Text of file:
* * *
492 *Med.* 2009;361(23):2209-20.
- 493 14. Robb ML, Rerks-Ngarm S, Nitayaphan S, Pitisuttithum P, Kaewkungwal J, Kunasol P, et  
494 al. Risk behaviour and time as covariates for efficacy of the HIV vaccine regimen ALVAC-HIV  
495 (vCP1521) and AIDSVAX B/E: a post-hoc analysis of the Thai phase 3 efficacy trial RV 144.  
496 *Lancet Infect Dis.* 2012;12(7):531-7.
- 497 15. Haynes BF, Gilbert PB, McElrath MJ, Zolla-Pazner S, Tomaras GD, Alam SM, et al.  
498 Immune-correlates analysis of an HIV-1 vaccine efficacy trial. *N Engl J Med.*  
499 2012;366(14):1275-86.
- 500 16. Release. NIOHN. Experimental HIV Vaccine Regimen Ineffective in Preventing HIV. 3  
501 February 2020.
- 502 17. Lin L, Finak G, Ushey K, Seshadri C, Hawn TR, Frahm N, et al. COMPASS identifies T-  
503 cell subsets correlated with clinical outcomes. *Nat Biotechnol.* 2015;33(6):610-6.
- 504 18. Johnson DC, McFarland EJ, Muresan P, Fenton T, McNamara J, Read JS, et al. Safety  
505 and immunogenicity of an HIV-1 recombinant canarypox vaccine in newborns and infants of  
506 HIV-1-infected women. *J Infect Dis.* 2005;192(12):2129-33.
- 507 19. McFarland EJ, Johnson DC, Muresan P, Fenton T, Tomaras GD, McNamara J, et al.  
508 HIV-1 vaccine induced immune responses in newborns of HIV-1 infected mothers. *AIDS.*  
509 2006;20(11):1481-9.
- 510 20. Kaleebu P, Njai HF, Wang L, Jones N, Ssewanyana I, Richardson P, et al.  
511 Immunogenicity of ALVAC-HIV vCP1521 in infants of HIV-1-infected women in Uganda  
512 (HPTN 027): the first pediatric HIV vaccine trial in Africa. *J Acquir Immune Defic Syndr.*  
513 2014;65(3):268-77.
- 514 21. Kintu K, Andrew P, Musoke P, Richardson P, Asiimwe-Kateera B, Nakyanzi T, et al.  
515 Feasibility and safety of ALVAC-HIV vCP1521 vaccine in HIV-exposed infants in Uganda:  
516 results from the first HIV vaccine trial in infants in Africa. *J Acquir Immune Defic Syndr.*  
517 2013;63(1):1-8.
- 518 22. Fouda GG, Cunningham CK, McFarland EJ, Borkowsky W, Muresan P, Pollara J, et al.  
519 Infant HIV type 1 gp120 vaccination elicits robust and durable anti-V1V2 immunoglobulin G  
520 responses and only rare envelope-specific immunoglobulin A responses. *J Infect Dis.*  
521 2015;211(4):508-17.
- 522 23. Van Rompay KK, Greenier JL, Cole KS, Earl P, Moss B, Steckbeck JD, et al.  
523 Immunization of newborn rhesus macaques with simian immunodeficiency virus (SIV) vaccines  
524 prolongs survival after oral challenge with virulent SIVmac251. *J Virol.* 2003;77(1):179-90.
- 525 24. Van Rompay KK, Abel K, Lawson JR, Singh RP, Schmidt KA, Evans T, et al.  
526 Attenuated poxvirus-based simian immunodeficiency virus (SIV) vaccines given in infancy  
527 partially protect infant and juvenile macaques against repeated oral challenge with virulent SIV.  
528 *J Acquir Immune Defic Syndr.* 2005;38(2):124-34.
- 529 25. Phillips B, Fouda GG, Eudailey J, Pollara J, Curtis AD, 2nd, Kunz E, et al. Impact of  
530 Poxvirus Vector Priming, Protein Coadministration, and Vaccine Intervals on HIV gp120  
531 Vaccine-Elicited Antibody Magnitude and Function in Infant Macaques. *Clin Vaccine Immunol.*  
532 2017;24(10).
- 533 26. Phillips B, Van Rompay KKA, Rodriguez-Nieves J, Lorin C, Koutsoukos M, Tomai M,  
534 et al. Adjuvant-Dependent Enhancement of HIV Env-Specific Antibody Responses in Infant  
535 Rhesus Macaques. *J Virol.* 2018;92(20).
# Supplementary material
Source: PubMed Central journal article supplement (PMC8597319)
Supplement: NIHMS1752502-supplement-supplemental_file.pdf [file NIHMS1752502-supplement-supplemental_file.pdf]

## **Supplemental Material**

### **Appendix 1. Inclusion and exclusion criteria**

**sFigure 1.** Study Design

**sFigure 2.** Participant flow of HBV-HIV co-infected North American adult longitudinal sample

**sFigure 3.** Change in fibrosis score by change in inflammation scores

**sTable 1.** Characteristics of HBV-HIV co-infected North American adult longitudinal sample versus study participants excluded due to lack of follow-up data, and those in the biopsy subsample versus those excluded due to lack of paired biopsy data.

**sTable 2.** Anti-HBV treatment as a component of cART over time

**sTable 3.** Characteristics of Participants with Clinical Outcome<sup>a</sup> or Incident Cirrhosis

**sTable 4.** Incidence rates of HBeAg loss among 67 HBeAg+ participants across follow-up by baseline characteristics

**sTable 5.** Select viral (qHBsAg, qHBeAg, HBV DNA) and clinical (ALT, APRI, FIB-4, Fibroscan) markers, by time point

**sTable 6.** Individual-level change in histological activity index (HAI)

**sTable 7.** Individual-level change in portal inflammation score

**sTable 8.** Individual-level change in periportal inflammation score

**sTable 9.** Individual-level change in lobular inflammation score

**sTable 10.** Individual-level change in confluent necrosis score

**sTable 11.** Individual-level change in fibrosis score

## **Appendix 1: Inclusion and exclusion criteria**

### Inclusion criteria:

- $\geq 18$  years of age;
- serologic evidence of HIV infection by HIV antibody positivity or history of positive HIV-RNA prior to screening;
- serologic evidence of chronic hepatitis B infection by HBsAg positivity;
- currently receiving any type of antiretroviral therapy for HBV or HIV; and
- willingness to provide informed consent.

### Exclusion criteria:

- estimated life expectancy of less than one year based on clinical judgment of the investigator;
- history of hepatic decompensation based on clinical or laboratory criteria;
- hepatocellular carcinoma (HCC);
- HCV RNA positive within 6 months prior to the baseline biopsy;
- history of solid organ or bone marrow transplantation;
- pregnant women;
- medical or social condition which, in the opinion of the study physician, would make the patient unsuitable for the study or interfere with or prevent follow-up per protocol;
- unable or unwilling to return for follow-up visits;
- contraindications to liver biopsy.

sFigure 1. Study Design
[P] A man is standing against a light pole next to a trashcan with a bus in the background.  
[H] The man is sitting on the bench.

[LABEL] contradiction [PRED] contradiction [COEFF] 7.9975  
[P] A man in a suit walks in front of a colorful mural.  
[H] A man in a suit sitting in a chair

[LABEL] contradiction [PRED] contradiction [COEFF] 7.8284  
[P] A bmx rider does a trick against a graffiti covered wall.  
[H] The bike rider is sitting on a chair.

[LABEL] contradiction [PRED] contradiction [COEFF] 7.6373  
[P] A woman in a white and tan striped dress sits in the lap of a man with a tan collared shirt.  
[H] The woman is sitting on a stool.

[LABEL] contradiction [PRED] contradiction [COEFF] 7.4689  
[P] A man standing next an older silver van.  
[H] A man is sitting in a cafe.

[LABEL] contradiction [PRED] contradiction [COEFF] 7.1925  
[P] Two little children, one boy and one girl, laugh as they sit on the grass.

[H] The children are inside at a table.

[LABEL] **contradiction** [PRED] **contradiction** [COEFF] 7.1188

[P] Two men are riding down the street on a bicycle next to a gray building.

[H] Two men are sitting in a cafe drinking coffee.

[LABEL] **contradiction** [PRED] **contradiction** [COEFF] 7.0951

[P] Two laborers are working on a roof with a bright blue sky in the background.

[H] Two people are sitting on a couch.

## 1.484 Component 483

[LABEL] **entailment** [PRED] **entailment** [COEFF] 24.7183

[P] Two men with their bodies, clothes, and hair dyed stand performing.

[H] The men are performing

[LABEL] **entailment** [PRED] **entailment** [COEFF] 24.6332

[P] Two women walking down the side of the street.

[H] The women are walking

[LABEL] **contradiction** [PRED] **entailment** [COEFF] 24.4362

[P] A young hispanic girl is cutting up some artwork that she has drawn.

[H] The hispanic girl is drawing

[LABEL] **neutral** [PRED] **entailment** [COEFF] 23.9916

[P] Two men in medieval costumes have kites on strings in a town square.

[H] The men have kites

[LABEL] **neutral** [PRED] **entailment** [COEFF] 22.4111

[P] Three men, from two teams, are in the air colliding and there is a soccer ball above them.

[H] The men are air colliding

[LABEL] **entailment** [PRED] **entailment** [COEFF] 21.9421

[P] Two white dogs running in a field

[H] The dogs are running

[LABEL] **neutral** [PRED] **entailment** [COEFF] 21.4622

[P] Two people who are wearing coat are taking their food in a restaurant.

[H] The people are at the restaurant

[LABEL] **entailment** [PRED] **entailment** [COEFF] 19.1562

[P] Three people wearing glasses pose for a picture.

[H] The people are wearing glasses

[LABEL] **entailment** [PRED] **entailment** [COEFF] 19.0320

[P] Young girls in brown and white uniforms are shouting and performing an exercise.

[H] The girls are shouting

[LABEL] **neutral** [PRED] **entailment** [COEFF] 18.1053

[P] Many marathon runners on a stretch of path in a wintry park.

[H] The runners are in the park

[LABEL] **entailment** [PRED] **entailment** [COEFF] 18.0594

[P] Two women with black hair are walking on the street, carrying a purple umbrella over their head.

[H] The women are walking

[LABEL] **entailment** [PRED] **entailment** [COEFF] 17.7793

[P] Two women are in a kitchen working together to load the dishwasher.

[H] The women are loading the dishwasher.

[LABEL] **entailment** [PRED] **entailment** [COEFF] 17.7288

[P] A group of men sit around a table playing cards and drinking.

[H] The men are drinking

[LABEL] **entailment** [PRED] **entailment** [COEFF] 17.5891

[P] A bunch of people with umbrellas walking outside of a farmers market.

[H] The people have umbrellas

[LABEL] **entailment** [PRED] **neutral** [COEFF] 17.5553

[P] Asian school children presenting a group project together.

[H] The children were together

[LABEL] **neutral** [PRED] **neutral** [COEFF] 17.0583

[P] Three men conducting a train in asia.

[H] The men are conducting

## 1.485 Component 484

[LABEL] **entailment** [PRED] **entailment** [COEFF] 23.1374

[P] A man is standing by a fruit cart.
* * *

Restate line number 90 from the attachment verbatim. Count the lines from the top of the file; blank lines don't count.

[LABEL] contradiction [PRED] contradiction [COEFF] 7.6373  